The following Personal Tax guidance note by Tolley provides comprehensive and up to date tax information covering:
An outline of the regime applying to offshore funds, including a description of the various types of fund, is discussed in the Offshore funds guidance note. You are advised to read that guidance note first. It also explains what is meant by ‘reporting’, ‘non-reporting’ and ‘distributing’ funds.
This guidance note discusses the tax position for a UK resident individual investor where an offshore fund changes its status, so that it ceases to be a reporting fund and becomes a non-reporting fund, or vice versa. It also explains what happens if a distributing fund fails to become a reporting fund.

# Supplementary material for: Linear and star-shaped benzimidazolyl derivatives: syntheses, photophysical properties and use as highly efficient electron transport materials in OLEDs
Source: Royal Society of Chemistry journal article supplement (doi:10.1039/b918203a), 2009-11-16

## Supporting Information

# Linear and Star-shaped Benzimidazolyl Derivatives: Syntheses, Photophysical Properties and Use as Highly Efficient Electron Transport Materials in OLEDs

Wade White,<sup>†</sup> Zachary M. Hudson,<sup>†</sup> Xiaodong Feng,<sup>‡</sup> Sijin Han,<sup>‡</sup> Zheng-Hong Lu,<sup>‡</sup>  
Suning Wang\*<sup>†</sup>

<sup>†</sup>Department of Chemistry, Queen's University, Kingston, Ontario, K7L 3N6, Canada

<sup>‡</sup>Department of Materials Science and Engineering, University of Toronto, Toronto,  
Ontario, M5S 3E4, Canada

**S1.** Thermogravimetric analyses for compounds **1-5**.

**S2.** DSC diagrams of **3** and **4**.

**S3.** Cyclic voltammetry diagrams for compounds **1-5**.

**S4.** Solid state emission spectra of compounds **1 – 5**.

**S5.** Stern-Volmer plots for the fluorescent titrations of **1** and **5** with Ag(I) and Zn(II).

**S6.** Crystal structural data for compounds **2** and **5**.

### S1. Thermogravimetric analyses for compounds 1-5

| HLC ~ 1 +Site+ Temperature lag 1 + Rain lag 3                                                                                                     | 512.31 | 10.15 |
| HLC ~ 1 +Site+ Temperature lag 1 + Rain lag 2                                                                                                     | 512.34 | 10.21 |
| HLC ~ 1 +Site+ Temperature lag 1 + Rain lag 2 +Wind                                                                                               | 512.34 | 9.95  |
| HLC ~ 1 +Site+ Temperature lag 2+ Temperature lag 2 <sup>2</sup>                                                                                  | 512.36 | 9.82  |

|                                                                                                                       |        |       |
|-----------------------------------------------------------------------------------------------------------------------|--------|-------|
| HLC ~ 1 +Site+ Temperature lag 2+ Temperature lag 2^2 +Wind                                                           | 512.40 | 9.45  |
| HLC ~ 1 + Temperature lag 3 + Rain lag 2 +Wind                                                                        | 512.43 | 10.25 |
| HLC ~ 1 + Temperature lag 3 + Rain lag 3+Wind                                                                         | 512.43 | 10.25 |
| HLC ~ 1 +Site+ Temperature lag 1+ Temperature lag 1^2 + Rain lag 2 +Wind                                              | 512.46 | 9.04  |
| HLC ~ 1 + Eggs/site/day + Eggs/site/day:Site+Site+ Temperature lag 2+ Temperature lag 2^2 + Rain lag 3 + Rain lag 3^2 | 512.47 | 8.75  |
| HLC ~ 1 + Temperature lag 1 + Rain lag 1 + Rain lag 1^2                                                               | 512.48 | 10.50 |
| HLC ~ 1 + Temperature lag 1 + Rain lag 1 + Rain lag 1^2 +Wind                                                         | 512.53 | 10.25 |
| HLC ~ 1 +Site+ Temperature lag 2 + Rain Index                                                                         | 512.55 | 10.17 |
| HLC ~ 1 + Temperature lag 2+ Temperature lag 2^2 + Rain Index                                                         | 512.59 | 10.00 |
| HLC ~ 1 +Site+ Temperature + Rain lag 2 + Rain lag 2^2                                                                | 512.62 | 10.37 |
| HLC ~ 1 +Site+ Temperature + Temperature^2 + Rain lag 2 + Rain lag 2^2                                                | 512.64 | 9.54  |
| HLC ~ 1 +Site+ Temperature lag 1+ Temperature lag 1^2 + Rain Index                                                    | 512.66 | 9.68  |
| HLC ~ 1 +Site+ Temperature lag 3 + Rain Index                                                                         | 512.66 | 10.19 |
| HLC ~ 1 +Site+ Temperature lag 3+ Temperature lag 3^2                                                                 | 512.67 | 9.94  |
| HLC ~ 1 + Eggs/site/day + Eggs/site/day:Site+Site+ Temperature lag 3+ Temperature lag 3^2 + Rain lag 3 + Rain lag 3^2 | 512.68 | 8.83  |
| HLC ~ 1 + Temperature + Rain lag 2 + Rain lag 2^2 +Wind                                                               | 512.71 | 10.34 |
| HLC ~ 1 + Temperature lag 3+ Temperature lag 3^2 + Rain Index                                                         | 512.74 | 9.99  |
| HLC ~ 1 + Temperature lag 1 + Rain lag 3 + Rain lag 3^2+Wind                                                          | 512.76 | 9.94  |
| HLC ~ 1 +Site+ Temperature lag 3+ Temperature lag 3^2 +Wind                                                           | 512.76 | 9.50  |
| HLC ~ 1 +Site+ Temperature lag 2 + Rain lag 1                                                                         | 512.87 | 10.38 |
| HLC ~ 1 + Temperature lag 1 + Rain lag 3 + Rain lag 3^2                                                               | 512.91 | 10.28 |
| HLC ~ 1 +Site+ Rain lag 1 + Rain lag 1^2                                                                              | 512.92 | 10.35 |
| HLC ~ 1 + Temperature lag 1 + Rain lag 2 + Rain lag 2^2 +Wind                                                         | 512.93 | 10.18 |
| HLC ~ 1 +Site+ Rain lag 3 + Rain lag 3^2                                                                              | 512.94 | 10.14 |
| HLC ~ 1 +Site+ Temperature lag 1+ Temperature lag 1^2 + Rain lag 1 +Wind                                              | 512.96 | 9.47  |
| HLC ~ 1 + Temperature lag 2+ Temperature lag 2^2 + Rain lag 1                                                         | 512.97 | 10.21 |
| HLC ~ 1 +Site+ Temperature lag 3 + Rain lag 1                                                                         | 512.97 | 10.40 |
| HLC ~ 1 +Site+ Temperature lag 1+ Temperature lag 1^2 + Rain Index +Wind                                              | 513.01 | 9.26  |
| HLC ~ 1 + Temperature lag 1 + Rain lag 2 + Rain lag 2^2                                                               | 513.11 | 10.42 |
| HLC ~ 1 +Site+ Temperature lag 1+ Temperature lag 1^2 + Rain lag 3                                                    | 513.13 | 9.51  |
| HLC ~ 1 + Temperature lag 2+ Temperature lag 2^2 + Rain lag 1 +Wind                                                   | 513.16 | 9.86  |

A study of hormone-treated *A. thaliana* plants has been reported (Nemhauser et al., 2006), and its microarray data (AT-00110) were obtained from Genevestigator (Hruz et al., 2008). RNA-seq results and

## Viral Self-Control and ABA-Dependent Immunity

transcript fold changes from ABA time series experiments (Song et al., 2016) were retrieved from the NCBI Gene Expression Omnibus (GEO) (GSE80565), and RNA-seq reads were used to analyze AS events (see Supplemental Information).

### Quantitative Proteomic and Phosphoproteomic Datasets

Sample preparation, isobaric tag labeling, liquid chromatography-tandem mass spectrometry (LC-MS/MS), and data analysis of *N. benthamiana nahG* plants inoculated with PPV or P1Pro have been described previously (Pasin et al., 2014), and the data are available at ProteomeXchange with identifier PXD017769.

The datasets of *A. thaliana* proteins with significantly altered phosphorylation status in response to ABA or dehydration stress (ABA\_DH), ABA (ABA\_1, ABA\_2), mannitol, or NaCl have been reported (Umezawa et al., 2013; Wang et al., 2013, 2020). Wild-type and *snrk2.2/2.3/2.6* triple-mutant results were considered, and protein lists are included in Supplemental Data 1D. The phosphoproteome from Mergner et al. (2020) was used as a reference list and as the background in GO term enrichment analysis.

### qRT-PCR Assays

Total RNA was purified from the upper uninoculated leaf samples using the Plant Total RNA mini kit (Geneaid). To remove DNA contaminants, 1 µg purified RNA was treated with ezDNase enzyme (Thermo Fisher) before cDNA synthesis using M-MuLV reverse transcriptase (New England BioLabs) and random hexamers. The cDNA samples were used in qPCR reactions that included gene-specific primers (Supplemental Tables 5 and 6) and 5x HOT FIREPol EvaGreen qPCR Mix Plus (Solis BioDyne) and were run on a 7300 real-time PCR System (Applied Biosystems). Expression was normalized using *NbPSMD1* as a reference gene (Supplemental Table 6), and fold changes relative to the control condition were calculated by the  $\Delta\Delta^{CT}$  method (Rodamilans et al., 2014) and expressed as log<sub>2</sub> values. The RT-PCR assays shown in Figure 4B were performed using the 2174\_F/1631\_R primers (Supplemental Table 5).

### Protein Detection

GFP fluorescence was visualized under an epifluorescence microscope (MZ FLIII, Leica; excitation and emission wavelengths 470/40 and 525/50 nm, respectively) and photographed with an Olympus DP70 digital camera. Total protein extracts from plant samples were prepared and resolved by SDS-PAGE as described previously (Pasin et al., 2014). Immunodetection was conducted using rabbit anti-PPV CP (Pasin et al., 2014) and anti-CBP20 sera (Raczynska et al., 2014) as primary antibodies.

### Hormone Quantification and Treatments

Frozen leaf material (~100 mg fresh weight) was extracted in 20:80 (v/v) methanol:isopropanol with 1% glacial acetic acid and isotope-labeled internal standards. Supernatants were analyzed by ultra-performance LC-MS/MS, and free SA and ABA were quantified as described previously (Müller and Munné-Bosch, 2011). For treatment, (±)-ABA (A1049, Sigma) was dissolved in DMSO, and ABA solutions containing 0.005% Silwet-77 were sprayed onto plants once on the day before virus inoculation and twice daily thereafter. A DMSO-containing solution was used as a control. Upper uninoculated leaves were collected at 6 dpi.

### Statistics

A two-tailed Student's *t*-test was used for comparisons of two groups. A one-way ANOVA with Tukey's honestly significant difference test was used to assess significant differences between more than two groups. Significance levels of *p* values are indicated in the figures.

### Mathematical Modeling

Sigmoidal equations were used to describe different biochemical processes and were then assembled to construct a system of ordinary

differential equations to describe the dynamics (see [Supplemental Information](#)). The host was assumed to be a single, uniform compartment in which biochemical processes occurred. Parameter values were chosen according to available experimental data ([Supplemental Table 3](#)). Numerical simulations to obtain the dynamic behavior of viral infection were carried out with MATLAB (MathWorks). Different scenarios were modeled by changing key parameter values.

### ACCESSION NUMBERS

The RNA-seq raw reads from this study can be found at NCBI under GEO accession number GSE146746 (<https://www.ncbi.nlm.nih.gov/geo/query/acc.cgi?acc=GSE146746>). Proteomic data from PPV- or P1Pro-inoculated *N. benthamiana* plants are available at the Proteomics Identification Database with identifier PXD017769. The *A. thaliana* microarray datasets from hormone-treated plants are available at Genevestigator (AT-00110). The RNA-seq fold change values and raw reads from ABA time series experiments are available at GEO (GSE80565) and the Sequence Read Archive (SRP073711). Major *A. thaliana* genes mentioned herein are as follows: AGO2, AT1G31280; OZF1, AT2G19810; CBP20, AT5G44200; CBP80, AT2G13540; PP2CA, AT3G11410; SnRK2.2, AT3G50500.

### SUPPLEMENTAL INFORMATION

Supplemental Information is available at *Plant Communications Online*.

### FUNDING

The taxation of offshore funds is very complex. This note is only an outline of the topic, and you may need specialist advice. In particular, there are further complexities where one offshore fund invests in another, and where trusts are involved.
For further reading see Simon’s Taxes Division B5.7 (subscription sensitive).
A fund may cease to be a reporting fund because the fund itself chooses to change its status, or because HMRC has withdrawn reporting status following one or more breaches of the rules.
The Offshore funds - opaque funds guidance note explains that an investor in a non-reporting fund is subject to income tax, not CGT, on disposal. Note that this penal provision does not normally apply to transparent funds, even if they are non-reporting, see the Offshore funds - transparent funds guidance note.
If there were no relieving provisions, an investor might hold an interest in a particular fund for many years, only for that fund not to qualify for reporting fund status for a particular period, or periods, just before the investor wished to
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